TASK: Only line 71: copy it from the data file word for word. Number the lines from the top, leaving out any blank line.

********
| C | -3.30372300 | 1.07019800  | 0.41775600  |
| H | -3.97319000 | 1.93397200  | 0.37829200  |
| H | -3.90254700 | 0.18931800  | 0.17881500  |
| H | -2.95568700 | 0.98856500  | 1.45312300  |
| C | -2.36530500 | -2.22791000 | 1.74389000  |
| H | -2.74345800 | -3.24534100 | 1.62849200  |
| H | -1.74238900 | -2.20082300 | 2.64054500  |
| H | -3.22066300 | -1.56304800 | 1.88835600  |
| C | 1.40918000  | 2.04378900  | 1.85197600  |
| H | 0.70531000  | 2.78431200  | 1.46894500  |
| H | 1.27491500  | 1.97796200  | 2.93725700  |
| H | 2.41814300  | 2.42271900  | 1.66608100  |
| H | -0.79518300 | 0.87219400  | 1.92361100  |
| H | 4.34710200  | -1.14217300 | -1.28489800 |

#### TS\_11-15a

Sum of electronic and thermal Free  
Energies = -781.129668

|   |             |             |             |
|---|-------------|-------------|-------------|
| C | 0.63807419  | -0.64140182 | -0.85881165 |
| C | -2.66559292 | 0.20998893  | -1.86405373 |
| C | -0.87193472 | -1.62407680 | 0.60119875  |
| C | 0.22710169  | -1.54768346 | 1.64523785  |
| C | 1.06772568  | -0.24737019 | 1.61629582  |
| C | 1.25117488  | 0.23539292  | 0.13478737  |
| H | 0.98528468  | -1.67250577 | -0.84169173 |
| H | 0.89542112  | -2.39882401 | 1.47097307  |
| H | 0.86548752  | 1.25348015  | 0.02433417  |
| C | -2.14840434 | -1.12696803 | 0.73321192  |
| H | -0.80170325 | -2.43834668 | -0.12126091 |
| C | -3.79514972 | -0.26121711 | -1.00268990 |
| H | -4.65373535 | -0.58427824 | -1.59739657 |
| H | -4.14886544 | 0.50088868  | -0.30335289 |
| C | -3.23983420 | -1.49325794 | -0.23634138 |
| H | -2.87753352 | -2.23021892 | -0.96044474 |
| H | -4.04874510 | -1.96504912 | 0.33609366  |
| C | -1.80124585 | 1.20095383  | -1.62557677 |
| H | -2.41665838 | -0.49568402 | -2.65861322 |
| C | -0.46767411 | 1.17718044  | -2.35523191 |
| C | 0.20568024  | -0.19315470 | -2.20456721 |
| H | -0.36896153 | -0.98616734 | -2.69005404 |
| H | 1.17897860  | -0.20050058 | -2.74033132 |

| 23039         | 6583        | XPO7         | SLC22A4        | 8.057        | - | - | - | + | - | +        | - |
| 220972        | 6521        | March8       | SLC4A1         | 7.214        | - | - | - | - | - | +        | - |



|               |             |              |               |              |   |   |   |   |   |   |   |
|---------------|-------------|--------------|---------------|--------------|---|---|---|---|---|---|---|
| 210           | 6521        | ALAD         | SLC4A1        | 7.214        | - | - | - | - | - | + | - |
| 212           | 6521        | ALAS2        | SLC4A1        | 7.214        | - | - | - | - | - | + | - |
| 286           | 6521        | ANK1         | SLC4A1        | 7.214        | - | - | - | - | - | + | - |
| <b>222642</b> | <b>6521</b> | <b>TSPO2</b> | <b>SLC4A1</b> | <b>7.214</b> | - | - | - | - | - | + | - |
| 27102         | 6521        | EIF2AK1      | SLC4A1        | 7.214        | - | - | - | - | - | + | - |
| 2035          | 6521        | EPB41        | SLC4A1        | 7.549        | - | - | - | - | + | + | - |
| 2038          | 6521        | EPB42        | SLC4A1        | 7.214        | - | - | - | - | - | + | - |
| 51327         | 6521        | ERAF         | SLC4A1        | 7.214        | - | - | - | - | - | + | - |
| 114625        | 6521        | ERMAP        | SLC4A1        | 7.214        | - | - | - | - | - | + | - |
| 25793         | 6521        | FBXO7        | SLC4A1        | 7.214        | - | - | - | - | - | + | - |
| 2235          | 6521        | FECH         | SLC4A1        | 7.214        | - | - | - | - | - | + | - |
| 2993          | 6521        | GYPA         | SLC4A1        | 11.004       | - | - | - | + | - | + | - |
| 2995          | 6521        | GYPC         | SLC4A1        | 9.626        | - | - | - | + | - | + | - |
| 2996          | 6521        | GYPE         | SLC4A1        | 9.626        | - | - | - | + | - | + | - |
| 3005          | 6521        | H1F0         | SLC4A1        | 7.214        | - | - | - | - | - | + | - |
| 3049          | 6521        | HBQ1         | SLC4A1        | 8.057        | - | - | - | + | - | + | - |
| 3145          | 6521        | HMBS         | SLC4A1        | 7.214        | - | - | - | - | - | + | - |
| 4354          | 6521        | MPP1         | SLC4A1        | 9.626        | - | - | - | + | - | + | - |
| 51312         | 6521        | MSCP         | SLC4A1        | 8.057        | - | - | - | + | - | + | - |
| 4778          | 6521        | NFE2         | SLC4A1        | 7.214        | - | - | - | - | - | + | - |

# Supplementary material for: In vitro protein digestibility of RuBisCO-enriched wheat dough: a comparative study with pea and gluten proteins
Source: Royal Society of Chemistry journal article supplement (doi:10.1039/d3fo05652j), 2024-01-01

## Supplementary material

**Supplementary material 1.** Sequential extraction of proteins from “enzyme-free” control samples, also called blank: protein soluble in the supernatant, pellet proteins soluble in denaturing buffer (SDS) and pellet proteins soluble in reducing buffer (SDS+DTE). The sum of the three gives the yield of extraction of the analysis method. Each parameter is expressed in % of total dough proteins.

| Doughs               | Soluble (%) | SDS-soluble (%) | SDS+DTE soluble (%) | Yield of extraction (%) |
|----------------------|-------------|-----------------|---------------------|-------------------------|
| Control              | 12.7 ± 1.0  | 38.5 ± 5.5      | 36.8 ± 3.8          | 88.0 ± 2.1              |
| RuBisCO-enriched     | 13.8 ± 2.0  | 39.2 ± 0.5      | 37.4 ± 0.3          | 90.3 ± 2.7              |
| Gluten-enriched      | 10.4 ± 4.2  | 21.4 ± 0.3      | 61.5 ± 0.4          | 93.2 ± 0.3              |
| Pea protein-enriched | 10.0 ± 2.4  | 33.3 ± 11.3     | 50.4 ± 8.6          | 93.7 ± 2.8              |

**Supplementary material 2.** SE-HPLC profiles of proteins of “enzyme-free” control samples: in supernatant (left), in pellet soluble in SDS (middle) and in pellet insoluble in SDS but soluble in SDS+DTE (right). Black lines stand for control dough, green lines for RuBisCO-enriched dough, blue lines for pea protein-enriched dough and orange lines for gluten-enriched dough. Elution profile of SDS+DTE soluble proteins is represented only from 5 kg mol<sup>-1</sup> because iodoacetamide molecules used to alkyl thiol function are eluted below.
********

| Doughs               | Soluble (%) | SDS-soluble (%) | SDS+DTE soluble (%) | Yield of extraction (%) |